DOERING: Well, we're definitely living in a time when I mean, certainly yearning for a cafe for being able to sit there and watch the people going by feels like a different world. It's such a strange time that we're living in where, you know, people are flocking so much to parks--or were--that cities had to shut them down. I mean, the Luxembourg Gardens has been temporarily closed, I was reading.

FREEMAN: Yeah.


Parisians and visitors enjoying an autumn afternoon in the Luxembourg Gardens. (Photo: Jeanne Menjoulet, Flickr CC BY-ND 2.0)

DOERING: I think because of that concern about spreading the virus. What do you think that our current hunger for park spaces can tell us about these places and what they like really mean to us?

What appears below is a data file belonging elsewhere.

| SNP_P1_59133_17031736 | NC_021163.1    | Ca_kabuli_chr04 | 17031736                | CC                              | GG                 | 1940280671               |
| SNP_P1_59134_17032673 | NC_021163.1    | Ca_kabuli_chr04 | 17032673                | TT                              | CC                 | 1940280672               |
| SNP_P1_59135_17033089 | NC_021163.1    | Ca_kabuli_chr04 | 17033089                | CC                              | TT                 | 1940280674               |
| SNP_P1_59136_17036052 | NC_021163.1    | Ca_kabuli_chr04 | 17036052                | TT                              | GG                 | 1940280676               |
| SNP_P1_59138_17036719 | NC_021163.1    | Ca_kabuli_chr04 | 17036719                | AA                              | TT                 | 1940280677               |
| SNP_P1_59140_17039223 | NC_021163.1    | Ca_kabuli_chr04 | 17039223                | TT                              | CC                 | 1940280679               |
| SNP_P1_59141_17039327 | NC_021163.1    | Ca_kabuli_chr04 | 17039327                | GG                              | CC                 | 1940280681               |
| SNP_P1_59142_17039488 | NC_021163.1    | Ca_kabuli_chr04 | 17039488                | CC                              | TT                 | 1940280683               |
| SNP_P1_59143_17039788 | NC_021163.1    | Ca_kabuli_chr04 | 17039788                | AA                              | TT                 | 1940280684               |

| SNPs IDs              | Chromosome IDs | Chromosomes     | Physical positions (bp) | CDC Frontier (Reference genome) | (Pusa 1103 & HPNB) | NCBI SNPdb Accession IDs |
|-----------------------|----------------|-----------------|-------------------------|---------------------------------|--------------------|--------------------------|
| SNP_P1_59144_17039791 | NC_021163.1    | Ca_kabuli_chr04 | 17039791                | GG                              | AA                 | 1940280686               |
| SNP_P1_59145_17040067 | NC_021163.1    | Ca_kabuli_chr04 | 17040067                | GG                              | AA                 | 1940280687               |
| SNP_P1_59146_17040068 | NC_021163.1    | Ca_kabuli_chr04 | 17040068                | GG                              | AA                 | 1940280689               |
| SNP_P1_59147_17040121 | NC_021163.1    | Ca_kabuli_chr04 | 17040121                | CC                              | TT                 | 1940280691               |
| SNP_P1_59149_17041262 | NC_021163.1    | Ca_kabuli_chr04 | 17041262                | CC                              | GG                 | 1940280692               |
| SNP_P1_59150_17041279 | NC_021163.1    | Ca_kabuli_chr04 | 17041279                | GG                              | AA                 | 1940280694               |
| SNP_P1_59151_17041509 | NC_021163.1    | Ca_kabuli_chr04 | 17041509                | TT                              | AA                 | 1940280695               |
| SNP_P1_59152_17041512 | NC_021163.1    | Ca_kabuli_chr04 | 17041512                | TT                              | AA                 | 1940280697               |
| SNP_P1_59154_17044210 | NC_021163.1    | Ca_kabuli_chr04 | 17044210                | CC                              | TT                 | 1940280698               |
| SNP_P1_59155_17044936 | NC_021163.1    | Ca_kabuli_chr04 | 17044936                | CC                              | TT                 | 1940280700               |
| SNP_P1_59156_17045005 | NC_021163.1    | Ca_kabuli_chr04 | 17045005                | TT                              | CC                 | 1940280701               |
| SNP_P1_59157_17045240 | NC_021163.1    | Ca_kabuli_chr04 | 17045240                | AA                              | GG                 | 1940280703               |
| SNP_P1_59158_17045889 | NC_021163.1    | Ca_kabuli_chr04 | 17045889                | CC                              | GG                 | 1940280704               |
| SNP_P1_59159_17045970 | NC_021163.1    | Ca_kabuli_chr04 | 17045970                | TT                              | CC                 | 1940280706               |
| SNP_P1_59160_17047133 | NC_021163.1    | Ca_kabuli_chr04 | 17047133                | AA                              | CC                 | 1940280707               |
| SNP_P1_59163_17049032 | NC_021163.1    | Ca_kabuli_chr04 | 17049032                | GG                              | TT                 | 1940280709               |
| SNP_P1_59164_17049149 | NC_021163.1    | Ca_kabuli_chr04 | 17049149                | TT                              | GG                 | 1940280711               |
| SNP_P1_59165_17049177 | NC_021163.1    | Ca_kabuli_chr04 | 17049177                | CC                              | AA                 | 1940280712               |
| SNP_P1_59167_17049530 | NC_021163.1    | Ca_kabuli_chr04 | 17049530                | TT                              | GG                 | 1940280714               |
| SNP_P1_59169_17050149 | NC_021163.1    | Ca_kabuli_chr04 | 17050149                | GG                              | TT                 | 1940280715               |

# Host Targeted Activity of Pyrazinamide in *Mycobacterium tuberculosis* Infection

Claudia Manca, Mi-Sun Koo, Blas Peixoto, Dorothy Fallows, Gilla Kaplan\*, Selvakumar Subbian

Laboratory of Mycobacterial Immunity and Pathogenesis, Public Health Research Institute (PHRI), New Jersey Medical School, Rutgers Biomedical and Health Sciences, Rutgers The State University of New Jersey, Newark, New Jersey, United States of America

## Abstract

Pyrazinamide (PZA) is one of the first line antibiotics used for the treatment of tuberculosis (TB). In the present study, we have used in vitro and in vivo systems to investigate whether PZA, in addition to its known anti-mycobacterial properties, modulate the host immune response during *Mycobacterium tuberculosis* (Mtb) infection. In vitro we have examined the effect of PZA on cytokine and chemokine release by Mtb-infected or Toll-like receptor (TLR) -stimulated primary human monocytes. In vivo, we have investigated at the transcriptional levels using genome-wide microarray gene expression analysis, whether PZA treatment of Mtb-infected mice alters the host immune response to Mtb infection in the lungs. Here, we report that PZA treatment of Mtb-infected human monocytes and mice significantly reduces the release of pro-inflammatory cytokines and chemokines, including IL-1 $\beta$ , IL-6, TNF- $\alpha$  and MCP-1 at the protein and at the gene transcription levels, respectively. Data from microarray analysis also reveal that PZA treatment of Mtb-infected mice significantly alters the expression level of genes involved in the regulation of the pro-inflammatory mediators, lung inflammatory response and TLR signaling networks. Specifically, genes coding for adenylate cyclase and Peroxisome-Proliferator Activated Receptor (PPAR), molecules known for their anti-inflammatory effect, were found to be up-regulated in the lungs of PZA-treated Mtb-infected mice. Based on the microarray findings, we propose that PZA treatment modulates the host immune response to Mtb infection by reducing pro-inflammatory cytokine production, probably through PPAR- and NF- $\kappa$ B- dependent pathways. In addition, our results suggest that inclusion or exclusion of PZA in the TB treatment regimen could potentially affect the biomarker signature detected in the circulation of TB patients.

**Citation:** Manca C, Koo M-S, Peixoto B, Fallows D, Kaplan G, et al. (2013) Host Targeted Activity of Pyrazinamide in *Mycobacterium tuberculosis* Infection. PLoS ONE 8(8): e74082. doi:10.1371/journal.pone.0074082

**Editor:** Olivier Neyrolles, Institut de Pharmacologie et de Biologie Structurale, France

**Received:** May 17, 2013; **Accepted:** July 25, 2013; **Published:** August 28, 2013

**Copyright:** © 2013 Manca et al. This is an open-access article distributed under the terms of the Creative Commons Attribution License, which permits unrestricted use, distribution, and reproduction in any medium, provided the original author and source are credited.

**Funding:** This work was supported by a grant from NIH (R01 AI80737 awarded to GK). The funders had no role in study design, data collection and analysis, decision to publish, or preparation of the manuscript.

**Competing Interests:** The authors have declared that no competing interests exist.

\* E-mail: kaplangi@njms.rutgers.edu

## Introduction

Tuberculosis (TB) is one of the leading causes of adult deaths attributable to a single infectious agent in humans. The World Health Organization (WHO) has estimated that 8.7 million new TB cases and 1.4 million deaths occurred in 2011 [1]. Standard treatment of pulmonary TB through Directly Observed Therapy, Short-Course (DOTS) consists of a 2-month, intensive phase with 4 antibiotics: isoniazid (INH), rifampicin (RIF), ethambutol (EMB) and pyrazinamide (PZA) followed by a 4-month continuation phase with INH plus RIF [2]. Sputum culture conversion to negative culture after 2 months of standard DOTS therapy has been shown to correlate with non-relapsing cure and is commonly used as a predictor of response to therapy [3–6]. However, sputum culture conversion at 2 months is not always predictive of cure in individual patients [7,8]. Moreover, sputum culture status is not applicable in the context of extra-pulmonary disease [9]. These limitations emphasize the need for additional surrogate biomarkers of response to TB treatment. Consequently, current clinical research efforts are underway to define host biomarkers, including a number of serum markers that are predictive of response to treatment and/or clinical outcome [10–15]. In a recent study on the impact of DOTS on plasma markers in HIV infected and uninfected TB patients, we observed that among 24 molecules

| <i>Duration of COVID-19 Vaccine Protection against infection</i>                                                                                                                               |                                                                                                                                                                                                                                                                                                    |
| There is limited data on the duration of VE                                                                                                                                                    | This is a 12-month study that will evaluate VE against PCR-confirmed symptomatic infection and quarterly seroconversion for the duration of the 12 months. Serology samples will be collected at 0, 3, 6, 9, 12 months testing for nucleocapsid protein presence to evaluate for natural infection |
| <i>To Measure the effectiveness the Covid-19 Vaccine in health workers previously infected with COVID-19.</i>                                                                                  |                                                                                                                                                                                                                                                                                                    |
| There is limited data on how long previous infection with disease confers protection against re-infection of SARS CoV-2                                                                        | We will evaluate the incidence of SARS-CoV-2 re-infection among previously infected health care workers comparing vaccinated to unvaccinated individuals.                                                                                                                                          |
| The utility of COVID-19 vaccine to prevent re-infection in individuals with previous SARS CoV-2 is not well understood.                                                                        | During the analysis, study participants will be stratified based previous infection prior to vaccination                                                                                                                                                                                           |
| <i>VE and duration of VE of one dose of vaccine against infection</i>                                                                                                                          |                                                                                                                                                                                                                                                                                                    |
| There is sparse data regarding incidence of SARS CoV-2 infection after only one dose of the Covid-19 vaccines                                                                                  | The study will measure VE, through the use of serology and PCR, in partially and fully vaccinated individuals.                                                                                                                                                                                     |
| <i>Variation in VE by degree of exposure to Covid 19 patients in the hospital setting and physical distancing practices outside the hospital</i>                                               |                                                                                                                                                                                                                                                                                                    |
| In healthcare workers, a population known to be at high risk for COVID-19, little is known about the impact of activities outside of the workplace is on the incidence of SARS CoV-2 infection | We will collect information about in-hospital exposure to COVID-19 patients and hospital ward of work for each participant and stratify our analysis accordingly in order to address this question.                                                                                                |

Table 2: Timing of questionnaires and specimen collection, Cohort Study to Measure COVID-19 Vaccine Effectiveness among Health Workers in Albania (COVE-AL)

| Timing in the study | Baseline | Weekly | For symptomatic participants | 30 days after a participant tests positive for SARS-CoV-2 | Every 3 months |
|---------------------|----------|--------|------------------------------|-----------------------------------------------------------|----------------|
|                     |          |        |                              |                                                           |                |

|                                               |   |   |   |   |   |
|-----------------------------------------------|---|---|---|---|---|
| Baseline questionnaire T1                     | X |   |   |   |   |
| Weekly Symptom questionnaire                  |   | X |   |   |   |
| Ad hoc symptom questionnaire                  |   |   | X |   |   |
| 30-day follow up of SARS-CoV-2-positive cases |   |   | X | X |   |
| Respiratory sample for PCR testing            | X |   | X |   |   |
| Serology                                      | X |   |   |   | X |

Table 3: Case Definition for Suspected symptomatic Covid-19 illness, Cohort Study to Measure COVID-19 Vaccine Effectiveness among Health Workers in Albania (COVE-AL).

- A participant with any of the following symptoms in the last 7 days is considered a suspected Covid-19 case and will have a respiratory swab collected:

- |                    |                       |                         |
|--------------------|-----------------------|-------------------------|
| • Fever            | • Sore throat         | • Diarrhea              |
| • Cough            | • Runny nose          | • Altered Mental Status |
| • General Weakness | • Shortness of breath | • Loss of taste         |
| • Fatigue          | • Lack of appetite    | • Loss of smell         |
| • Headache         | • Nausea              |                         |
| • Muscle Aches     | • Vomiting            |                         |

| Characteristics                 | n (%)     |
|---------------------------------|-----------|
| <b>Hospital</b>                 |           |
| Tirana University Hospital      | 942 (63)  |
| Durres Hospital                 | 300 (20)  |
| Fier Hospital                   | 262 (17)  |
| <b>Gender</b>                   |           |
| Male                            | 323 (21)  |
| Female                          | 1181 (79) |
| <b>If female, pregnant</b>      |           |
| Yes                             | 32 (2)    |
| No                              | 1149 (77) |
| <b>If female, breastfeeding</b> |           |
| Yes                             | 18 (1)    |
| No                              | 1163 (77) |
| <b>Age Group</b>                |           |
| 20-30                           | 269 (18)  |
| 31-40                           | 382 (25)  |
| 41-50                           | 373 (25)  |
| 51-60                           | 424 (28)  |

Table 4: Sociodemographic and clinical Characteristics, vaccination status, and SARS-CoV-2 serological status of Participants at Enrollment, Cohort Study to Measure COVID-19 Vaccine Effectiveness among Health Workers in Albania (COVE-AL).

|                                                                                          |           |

FREEMAN: Well, given all the restrictions we've spoken about so far about who's letting in a park and what hours, they still are a powerful democratizing influence in cities, and I think in the last 10 to 15 years--I'm gonna sound like a Luddite--but we've been sold through the internet, this idea of public space online, which tends to, I think, in many ways destroy actual physical public space, because it draws people into these imaginary spaces, these digital spaces, whereas the public ones are not used as much as they used to be. But I hope this pause as horrible as it's going to be, if we can get through it, if we can survive, it makes us remember that public space can be a really beautiful, enlarging thing, especially parks, that they're there for us to be in to share with other people that there's nothing so beautiful as sitting on a park bench and having a picnic. You know, whatever you're eating, you know, it's ennobled by a tree looking down on you and if we get out of this I think there's gonna be a flood of people going to parks. Sometimes if I feel really low, I imagine that, imagine the kinds of, you know, coming out parties that we're going to have when August is over. But in the meantime, I think we have to go there in our mind. All of us hopefully have a, have a memory or two being taken to a park.